Our Tower Selfie showing learners and teachers: Tony, Pauline (hiding behind the sally), Catherine, Judy, Django, Linda, Steve and me.

Although none of us recruits were motivated by a personal connection to a ringer lost in the war, Ringing Remembers is very much at the forefront of our minds.

This wonderful initiative has motivated Judy to delve back into her history in Northamptonshire to see if she can unearth any bell ringers in her family. Pauline’s grandfather was in the First World War and her father in the second so her bell ringing acknowledges their contribution. As for Linda, she has researched her family history for over 20 years, found a few criminals including a murderer, sheep rustlers and petty thieves transported to the other side of the world, and connections to the crowned heads of Europe but not a single bell ringer!

Private Frederick Cross – photo believed to be taken in 1917

Although none of the towers that we’re learning in lost ringers during the war we’ve been delving further and finding out about other Norwich ringers. Frederick Cross is one of these.

Fred was born in Lakenham, one of Herbert and Mary Ann’s three children. Before the war broke out he was working as a clerk but also enjoyed lots of activities outside work. As well as being scoutmaster of the 17th Norwich Scouts, Fred was a bell ringer at St John Sepulchre.

He enlisted into the army in Norwich, fought with the York and Lancaster Regiment 7th Batallion and died aged 28 on 27 May 2018. Fred is commemorated at Acheux British Cemetery in France.

Rather poignantly, a memorial peal of Kent TB Major was rung for Fred at St John de Sepulchre Norwich on 11 October 1920 and was conducted by his brother, George, who was Master of the Society of Royal Cumberland Youths for the period 1935 to 1947, and again from 1949 until 1953.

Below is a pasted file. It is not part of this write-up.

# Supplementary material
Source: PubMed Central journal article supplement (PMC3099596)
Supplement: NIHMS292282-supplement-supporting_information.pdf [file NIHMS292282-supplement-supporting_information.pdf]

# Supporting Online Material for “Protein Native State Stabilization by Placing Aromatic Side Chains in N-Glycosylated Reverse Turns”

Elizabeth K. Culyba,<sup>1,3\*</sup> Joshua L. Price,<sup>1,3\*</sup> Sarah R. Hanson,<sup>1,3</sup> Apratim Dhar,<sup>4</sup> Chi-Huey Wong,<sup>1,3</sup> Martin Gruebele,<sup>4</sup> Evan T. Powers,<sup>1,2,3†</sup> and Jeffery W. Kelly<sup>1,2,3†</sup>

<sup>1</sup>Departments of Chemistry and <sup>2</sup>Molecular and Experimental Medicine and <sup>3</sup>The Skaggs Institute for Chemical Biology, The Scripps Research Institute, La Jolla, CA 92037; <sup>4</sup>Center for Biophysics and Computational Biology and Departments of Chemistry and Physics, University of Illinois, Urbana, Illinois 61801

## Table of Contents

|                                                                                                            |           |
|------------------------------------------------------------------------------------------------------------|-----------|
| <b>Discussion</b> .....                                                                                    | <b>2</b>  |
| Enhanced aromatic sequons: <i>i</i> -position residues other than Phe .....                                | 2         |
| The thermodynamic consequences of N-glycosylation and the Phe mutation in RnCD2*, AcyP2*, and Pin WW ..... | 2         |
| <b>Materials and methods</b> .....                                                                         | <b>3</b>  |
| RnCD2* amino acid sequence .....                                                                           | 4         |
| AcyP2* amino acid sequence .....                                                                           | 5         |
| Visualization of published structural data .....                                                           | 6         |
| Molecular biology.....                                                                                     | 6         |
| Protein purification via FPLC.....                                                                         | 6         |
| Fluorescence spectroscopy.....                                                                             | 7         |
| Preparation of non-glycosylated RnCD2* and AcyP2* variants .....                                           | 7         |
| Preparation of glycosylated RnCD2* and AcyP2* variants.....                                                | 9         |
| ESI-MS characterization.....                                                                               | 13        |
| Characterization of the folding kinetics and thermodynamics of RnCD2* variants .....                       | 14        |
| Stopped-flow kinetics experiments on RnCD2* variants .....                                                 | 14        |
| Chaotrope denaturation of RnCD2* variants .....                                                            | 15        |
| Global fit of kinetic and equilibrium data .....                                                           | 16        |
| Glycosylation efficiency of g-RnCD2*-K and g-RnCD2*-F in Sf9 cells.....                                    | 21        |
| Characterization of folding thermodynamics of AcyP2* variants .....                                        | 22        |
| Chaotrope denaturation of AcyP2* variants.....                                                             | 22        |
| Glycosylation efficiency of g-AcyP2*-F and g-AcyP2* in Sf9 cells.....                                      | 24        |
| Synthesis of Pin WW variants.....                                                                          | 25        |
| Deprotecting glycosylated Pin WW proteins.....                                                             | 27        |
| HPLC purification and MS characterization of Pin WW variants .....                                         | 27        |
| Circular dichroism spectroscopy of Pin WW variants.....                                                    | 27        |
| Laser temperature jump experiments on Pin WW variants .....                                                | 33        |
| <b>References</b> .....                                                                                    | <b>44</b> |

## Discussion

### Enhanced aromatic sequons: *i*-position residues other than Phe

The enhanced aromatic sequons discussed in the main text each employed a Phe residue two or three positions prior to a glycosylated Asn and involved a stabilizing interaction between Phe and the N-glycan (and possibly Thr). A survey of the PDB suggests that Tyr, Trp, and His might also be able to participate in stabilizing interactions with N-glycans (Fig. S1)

Notice of the memorial peal of Kent TB Major rung for F. J. Cross and W. Hempnall at St John de Sepulchre, Norwich on 11.11.1920. Printed in the Ringing World on 26.11.1920, P.576

Sadly St John Sepulchre no longer has its bells and the church is now redundant. However, the back 6 of these bells were transferred to Erpingham in 1987, along with the Peal Board, which shows a Peal rung by Fred and his brother George in 1911. A memorial quarter peal has been arranged for Fred at Erpingham on the centenary of his death, on the bells that he and his brother used to ring together.

As Ringing Remembers recruits we’re a bunch of strangers of different ages, from different backgrounds all thrown together to learn a traditional art and help honour the 1,400 bell ringers lost during the First World War.

One of the things we’ve discovered on our learning journey so far is that bell ringing often runs in families and that the wider community of bell ringers in Norwich and Norfolk itself feels very much like one large family.

Thanks to the warm welcome and generosity of the bell ringing community, Ringing Remembers has introduced us into this family – and we can’t think of a more fitting tribute to those very brave individuals who paid the ultimate price for us all.

The Ringing Remembers campaign is recruiting 1,400 new bell ringers in memory of the 1,400 who lost their lives in World War One. All new recruits will have once in a life time opportunity to ring on Armistice Day (11 November) this year to mark 100 years since the end of the war. Find out more about the campaign and signup by visiting our Ringing Remembers project page.

Posted 24 May 2018